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Saskatchewan says the move to consolidate health regions will reduce administration and duplication in services such as legal, IT or accounting.FabioBalbi/Getty Images/iStockphoto

The Saskatchewan government says it will consolidate the province's 12 health regions into one provincial health authority to be created this fall.

"What we hope it'll mean is a more effective way of delivering health care and, if we do this in a proper manner, the average person, frankly, won't notice a difference," Health Minister Jim Reiter said at a news conference Wednesday.

"The average person is worried about front-line health care, not management structure."

Mr. Reiter said the move will reduce administration and duplication in services such as legal, IT or accounting.

However, the minister could not immediately provide a dollar figure for the savings or the number of jobs affected. That will be determined by a transition team, he said.

"But I think I should also note that cost savings is not the primary driver of this.… This is about better and more effective ways to deliver health care to Saskatchewan," Mr. Reiter said.

The government plans to appoint a single board of directors to govern the health authority. There could also be four zones created to co-ordinate care.

The announcement comes after the goverRnment appointed an advisory panel last summer to recommend options for fewer health regions and more efficient service.

A report released on Wednesday by the panel says patients with singular, immediate needs are often well served by the health system. But it says that's often not the case for patients with multiple chronic or complex conditions.

Panel member Dr. Dennis Kendel said health regions and services have been working as if they're silos.

"The regional health authorities have created some boundary issues that, in fact, have sometimes hampered seamless patient care," he said on Wednesday.

The report also recommends consolidating dispatch and delivery for emergency medical services, which it says are delivered by a large number of vendors with poor integration.

There are just more than 100 ambulance services in Saskatchewan.

Provincial Auditor Judy Ferguson said last month the boundaries for a region are artificial when it comes to ambulance service and, in some cases, service in another region may be closer to an emergency.

The panel received more than 300 submissions from the public, doctors and organizations.

The report said while there was excitement about the potential for better care, there was also concern rural and remote communities will get lost in a bigger system and fears the restructuring is motivated by money rather than improving quality.

The province is trying to save money because of a big drop in natural-resource revenue that has pushed the government's deficit for this year close to $1-billion.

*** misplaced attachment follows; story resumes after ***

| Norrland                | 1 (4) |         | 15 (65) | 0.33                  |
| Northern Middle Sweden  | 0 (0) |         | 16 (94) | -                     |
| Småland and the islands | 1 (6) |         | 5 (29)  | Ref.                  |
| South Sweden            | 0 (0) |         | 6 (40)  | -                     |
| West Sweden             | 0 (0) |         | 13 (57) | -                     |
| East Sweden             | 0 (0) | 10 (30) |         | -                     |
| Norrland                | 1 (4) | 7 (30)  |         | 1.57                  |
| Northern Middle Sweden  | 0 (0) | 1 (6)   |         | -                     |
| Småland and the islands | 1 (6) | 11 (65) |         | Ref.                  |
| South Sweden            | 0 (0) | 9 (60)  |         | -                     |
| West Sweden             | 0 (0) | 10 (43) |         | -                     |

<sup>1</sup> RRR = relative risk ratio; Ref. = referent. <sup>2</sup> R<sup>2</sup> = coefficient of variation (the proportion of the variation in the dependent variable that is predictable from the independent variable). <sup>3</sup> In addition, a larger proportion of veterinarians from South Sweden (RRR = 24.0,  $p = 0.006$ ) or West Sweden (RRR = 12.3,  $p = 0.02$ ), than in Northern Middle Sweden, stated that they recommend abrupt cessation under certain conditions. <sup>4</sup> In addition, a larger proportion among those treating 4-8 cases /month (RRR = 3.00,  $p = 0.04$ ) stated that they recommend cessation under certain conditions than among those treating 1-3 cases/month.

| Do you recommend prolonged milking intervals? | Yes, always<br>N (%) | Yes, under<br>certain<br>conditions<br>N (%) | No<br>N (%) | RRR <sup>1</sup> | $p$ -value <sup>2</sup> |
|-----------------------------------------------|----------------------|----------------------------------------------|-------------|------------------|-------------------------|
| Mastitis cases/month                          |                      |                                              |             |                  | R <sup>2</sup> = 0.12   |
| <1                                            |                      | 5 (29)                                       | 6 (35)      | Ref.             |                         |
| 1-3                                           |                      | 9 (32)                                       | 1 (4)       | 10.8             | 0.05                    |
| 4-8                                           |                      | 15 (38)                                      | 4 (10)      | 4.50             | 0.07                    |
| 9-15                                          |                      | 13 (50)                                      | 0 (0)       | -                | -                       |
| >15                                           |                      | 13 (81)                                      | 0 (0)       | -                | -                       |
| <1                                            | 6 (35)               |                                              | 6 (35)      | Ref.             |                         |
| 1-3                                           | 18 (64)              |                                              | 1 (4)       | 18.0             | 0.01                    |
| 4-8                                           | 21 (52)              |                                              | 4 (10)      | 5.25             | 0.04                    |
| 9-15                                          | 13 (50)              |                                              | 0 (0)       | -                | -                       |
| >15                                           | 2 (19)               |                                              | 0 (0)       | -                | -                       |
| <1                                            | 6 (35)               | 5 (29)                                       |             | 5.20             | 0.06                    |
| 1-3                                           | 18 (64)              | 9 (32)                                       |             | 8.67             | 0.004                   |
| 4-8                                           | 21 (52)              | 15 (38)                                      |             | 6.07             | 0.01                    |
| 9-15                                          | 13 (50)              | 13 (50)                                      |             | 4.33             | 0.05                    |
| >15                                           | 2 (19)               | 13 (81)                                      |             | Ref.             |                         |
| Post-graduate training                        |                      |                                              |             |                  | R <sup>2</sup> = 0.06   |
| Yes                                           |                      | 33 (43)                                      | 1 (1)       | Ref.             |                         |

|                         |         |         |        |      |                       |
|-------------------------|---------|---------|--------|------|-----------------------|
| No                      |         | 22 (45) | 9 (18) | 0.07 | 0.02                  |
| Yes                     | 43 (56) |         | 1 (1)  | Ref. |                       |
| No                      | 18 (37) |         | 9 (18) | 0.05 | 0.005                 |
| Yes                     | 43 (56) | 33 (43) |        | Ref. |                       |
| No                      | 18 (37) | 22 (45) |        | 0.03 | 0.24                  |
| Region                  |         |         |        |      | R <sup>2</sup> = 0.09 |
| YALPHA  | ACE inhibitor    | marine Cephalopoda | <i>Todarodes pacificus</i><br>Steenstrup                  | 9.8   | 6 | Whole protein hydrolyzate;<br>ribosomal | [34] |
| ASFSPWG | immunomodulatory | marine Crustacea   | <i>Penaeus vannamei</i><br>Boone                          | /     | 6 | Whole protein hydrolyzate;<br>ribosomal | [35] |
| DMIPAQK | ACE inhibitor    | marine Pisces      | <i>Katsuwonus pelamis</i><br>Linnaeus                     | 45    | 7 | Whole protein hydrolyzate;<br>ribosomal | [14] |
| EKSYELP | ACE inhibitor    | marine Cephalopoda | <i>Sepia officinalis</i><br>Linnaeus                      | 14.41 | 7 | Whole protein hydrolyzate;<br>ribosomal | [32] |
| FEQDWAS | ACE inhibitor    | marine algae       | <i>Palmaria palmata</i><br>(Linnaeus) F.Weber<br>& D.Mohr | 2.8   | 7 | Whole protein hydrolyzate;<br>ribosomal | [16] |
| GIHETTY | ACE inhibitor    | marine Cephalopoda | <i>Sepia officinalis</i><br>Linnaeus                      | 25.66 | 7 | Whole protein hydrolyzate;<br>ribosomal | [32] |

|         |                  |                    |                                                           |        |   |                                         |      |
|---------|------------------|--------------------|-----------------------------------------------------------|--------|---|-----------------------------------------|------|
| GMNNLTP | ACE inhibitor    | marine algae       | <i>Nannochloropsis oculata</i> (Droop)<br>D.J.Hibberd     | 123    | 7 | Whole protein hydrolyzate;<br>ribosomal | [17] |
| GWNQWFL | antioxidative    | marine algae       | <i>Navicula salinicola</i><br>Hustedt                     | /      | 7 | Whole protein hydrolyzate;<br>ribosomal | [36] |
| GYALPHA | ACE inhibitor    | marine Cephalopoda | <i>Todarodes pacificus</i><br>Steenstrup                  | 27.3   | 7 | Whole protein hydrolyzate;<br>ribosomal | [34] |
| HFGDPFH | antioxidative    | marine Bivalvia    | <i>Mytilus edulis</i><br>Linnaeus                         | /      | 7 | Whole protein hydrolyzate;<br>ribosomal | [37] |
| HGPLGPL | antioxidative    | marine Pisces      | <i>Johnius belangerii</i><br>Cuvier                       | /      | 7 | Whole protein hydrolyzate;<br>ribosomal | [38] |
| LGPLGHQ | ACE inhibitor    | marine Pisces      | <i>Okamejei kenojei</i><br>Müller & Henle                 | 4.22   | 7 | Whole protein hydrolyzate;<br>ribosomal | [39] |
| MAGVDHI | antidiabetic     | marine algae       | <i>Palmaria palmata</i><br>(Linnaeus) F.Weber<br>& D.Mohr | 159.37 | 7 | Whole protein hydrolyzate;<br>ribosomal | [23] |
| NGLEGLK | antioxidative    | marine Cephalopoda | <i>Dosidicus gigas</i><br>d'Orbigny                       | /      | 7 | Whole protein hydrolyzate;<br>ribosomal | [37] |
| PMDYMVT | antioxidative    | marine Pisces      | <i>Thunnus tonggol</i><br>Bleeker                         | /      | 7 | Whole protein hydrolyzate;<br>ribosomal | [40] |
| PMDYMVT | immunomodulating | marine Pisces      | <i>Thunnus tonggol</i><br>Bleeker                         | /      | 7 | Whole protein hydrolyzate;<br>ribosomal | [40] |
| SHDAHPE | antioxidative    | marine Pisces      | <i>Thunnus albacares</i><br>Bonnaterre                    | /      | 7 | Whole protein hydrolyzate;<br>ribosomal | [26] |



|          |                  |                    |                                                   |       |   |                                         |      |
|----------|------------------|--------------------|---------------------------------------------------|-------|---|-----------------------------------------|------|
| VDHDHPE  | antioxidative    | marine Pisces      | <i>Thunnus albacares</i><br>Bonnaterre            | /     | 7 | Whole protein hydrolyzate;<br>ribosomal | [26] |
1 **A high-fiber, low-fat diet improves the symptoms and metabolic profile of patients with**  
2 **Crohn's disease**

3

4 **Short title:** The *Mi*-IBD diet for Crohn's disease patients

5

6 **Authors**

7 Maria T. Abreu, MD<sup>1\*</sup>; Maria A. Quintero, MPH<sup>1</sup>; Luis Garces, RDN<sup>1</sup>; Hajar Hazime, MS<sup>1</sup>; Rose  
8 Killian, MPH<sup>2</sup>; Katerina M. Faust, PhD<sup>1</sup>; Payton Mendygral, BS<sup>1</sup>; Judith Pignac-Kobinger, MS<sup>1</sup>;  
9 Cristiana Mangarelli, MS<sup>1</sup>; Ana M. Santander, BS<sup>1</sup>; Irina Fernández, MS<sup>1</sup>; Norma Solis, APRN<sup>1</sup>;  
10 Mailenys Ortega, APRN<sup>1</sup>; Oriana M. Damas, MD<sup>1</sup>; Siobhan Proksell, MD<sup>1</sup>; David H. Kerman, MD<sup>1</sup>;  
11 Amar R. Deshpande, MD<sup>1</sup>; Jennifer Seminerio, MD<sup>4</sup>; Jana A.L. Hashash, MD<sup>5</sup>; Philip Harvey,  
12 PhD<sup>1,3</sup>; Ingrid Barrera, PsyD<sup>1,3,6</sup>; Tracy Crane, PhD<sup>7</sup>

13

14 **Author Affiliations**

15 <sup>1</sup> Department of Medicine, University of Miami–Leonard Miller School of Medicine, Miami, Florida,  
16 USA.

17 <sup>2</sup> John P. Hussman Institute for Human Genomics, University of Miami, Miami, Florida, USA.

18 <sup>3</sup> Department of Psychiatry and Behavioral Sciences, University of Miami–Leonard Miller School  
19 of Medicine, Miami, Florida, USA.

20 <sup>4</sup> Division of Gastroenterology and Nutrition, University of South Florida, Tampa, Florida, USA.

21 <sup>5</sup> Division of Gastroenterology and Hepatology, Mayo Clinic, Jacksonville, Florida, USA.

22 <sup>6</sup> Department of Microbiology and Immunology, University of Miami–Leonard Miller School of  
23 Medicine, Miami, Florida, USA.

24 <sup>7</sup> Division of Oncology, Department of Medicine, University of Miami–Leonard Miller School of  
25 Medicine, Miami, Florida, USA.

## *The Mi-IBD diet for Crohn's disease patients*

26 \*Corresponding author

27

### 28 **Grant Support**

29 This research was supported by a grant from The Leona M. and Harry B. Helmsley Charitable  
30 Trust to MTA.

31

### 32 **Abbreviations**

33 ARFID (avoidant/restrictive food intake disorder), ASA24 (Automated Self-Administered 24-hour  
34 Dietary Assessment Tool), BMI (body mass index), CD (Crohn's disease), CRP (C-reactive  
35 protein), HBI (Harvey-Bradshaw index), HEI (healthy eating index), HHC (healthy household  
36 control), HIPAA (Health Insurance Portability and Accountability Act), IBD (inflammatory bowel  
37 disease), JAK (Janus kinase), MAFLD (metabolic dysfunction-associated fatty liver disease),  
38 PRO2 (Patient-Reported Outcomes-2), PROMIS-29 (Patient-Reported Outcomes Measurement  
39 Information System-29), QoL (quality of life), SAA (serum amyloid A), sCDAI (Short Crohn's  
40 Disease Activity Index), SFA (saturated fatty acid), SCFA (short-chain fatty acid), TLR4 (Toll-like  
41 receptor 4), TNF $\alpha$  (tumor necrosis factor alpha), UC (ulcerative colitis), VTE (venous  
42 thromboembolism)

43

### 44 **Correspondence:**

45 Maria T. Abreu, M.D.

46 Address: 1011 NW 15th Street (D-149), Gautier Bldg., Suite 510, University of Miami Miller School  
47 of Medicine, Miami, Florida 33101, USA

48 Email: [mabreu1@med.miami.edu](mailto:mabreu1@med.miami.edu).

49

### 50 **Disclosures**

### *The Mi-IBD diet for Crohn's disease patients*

"With the Saskatchewan Party government, consolidation is code for cuts and closures – cuts to frontline services, cuts to jobs and closures of health-care facilities," New Democratic health critic Danielle Chartier said.

Cheryl Camillo, assistant professor at the University of Saskatchewan's Johnson-Shoyama Graduate School of Public Policy, says how the government communicates with the public and how feedback is used will be key.

"Ultimately, your everyday patient is less concerned about how many managers there are over the health-care system and they care more about the services they receive," Ms. Camillo said.

"But they need to understand where to receive those services, and who they are going to need to contact to receive those services and where they go for them."

It's not the first time health regions have been consolidated in Saskatchewan.

There were 32 health districts formed in 1992. In 2002, the province created the current 12 health regions plus the Athabasca Health Authority.

The system serves about 1.2 million people with a budget of $5.1-billion.

Alberta took similar action in 2008, when it rolled all regional health authorities into the centralized Alberta Health Services superboard to save money and improve care.

But the AHS has struggled. There have been scandals over large executive payouts, questionable expense spending, organizational confusion, bureaucratic turf wars, queue-jumping and long wait lists for care.

Dr. Kendel says the Alberta experience has provided lessons for Saskatchewan, including the need for rigorous, advance planning.

"The fundamental flaw in the Alberta model is they hadn't thought out a management structure – essentially, there was a single entity, Alberta Health Services, and nobody knew the next day who was actually accountable for what," Dr. Kendel said.